first specific aim was to assess the status of these populations. A multi-institutional husbandry survey revealed little consensus among zoos in lighting design, with both red and blue light commonly used for nocturnal illumination. A review of medical records also revealed high rates of neonate mortality. The second aim was to

develop methods for measuring the effects of exhibit lighting on behavior and

health. The use of actigraphy for automated activity monitoring was explored.

Methods were also developed for measuring salivary melatonin and cortisol as

indicators of circadian disruption. Finally, a multi-institutional study was conducted

comparing behavioral and endocrine responses to red and blue dark phase lighting.

These results showed greater activity levels in strepsirrhines housed under red light than blue. Salivary melatonin concentrations in pottos suggested that blue light

suppressed nocturnal melatonin production at higher intensities, but evidence for

circadian disruption was equivocal. These results add to the growing body of

evidence on the detrimental effects of blue light at night and are a step towards

empirical recommendations for nocturnal lighting design in zoos.
Address Department of Biology, Case Western Reserve University
Corporate Author Thesis Ph.D. thesis
Publisher Place of Publication Editor Fuller, G.
Language Summary Language Original Title
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ISSN (up) ISBN Medium
Area Expedition Conference
Notes Approved no
Call Number IDA @ john @ Serial 327
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Author Li, Fusheng; Chen, Yuming; Liu, Yang; Chen, Dahua
Title Comparative in Situ Study of LEDs and HPS in Road Lighting Type Journal Article
Year 2012 Publication LEUKOS: The Journal of the Illuminating Engineering Society of North America Abbreviated Journal Leukos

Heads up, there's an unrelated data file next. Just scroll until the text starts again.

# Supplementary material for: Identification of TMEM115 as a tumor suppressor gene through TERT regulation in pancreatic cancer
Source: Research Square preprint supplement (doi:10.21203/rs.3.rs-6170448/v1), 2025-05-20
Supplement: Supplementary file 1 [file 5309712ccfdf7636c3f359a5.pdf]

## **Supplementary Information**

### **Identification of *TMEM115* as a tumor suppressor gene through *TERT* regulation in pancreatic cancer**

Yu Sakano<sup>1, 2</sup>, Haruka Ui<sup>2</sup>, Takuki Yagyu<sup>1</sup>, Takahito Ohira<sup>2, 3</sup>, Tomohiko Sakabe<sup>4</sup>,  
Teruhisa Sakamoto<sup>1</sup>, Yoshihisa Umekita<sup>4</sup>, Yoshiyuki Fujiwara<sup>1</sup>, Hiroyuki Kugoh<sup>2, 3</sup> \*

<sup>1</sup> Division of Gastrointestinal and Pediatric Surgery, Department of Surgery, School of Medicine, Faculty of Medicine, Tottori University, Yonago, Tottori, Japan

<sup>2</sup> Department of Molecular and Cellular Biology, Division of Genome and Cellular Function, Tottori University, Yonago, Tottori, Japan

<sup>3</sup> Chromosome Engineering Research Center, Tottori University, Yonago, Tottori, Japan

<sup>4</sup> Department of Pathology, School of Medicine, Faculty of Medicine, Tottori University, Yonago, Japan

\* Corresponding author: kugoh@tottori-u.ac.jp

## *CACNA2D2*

Volume 8 Issue 3 Pages 205-214
Keywords Roadway lighting, visibility, LED, high-pressure sodium; LED lighting; HPS, STV, achromatic target, colored target
Abstract The effect of spectrum on the visibility of roadway lighting targets was investigated. The experiment focused on the relation between average visibility ratings and small target visibility (STV) under installations that employed LED and HPS light sources. Achromatic targets were more visible under LEDs illumination conditions than under HPS illumination conditions. The results also suggest that the visibility of colored objects on the road was better under LEDs illumination conditions in comparison to HPS. The results cannot be generalized to all LED light sources, but are likely indicative of LEDs with similar spectral power distributions (SPDs). Relative visibility under source types with different SPDs, and which provide different luminance distributions, should merit consideration when selecting a light source for roadway lighting.
Address Department of Illuminating Engineering & Light Sources, School of Information Science and Engineering, Fudan University, China
Corporate Author Thesis
Publisher Place of Publication Editor
Language Summary Language Original Title
Series Editor Series Title Abbreviated Series Title
Series Volume Series Issue Edition
ISSN (up) ISBN Medium
Area Expedition Conference
Notes Approved no
Call Number IDA @ john @ Serial 337